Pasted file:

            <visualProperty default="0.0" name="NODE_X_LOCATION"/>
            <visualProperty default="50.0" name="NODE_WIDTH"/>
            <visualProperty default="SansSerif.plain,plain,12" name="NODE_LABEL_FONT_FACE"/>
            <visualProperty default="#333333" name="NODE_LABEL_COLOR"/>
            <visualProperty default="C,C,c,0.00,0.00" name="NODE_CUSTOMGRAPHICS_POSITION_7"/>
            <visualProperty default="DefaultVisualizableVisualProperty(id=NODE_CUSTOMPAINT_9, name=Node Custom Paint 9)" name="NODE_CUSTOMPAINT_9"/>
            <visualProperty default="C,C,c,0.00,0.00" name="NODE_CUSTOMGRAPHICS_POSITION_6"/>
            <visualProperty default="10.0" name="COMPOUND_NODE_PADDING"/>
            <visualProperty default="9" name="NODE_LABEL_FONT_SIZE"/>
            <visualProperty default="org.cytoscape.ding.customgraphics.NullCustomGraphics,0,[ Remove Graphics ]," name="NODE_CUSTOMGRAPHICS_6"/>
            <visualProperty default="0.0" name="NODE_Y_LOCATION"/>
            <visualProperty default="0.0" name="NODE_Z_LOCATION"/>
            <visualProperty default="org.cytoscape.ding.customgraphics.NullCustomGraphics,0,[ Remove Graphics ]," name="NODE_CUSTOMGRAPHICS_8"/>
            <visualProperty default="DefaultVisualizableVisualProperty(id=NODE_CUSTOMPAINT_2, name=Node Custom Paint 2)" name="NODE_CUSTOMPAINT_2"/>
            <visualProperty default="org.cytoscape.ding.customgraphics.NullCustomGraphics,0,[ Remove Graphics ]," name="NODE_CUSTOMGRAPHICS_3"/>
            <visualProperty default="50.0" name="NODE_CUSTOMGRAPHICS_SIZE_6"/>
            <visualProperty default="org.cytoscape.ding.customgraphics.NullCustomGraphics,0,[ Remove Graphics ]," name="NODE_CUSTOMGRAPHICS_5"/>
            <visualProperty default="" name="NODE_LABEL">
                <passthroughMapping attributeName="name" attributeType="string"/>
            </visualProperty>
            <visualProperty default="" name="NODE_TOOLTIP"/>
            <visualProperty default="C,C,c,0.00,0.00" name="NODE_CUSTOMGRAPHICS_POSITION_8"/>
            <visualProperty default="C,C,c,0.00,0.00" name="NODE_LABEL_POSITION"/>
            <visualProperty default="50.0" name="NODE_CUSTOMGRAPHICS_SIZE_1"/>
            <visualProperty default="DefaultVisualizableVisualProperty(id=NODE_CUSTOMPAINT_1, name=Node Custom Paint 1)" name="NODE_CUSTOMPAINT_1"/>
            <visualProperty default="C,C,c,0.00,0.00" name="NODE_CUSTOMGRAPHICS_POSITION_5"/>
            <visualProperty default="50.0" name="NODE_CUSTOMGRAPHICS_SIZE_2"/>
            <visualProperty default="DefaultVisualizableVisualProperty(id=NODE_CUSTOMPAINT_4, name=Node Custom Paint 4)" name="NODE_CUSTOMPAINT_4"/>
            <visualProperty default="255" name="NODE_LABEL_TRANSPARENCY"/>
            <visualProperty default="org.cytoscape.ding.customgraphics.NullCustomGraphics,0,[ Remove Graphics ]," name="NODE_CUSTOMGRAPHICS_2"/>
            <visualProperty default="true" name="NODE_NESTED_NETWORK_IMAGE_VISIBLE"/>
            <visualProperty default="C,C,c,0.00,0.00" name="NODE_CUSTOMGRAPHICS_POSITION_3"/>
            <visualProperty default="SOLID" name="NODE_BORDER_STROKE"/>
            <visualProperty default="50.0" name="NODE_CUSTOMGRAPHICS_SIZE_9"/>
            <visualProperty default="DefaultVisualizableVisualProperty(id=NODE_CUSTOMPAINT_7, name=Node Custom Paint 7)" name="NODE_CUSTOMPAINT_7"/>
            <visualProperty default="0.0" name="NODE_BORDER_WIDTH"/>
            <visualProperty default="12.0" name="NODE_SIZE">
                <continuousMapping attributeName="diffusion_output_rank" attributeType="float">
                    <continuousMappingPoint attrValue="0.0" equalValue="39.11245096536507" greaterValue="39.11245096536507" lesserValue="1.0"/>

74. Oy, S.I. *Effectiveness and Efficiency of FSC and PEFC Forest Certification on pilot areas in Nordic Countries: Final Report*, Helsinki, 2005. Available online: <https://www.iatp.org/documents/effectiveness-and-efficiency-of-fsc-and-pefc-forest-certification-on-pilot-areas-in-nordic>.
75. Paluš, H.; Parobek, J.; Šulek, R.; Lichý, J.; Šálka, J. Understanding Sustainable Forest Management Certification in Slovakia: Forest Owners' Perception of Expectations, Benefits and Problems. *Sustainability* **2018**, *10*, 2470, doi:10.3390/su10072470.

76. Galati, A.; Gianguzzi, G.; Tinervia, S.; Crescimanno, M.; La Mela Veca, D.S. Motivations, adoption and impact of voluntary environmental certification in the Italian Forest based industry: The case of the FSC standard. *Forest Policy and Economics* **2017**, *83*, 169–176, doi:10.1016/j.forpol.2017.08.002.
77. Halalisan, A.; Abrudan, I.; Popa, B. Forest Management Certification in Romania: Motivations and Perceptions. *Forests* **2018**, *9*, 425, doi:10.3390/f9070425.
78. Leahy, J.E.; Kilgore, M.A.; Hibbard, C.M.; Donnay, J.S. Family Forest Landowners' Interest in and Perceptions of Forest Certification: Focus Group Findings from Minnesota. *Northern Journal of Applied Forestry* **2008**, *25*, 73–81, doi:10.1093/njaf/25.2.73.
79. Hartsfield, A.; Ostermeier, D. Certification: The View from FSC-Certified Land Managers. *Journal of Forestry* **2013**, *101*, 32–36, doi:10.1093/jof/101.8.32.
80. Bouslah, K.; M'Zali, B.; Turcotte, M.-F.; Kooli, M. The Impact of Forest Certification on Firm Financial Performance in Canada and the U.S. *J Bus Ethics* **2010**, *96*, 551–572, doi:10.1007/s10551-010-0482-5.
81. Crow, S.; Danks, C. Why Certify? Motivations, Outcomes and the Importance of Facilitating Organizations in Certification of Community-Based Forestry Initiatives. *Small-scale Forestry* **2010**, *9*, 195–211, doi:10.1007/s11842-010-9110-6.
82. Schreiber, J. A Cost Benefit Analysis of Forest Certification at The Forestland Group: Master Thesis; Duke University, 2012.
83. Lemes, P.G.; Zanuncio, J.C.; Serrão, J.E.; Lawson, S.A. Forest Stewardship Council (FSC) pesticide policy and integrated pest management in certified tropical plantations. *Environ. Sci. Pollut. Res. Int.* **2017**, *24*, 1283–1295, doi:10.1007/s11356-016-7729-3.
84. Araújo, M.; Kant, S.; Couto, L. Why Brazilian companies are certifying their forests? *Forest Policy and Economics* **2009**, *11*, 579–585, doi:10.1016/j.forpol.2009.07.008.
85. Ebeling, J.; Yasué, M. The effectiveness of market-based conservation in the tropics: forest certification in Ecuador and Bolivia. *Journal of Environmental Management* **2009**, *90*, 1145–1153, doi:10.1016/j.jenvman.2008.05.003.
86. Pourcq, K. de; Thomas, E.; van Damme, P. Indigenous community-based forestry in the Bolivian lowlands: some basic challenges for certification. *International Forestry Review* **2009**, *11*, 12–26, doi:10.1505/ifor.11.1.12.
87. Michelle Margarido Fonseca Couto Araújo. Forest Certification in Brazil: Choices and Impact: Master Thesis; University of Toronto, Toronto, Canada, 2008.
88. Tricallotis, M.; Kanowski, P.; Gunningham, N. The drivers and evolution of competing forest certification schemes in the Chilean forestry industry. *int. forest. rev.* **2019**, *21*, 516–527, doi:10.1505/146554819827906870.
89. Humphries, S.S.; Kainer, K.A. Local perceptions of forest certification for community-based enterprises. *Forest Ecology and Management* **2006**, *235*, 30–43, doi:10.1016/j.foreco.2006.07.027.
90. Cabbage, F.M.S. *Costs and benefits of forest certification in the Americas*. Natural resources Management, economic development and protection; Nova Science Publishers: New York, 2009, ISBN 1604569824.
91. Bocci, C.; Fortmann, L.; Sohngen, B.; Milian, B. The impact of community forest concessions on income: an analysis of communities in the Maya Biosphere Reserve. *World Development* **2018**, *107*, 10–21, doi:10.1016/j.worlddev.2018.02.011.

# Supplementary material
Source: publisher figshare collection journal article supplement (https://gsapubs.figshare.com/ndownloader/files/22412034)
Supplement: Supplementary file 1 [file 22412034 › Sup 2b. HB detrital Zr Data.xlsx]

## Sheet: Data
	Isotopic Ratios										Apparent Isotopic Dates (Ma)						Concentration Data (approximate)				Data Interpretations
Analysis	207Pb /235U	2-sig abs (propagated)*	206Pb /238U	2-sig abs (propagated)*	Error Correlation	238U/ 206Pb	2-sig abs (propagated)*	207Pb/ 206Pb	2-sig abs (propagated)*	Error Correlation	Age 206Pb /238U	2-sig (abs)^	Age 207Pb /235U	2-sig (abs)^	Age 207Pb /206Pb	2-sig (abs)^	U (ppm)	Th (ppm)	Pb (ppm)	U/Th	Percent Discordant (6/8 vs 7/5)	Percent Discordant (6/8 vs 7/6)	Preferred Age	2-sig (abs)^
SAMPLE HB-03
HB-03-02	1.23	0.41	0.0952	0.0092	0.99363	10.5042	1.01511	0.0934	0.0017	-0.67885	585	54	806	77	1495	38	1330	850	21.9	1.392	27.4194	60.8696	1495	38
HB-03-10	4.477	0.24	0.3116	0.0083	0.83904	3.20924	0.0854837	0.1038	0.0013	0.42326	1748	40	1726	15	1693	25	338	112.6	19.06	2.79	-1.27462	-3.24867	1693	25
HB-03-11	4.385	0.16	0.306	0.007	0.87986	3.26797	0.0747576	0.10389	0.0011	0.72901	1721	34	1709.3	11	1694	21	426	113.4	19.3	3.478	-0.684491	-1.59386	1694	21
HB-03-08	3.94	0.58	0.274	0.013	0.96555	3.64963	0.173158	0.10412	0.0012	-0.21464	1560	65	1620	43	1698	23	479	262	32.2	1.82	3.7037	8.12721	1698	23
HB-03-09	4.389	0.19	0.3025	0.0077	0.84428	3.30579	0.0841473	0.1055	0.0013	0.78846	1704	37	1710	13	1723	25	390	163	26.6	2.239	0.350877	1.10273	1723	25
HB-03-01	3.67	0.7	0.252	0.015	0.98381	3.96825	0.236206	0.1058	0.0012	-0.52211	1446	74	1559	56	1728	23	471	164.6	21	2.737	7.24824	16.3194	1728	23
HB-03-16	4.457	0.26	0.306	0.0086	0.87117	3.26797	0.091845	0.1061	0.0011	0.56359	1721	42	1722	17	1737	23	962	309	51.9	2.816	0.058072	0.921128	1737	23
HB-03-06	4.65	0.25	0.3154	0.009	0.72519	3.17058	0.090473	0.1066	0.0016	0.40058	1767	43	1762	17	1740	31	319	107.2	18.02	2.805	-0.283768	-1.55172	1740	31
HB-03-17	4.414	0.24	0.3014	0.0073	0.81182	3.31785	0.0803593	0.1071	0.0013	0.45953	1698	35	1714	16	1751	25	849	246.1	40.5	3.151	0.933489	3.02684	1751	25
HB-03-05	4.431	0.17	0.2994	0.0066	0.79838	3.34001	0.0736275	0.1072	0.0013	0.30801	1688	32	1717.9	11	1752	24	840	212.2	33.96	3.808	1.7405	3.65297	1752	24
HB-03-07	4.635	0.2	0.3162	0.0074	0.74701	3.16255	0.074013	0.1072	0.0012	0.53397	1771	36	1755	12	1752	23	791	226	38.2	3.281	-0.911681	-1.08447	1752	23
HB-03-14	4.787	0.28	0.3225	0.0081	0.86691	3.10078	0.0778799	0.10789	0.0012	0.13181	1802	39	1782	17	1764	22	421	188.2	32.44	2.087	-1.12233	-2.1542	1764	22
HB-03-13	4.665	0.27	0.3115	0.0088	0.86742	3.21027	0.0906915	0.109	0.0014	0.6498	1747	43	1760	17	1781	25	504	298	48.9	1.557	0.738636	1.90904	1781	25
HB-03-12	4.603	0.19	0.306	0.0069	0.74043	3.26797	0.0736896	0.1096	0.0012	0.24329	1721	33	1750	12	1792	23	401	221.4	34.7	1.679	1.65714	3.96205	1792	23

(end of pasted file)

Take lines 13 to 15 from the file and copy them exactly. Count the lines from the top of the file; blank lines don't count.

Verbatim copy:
            <visualProperty default="org.cytoscape.ding.customgraphics.NullCustomGraphics,0,[ Remove Graphics ]," name="NODE_CUSTOMGRAPHICS_8"/>
            <visualProperty default="DefaultVisualizableVisualProperty(id=NODE_CUSTOMPAINT_2, name=Node Custom Paint 2)" name="NODE_CUSTOMPAINT_2"/>
            <visualProperty default="org.cytoscape.ding.customgraphics.NullCustomGraphics,0,[ Remove Graphics ]," name="NODE_CUSTOMGRAPHICS_3"/>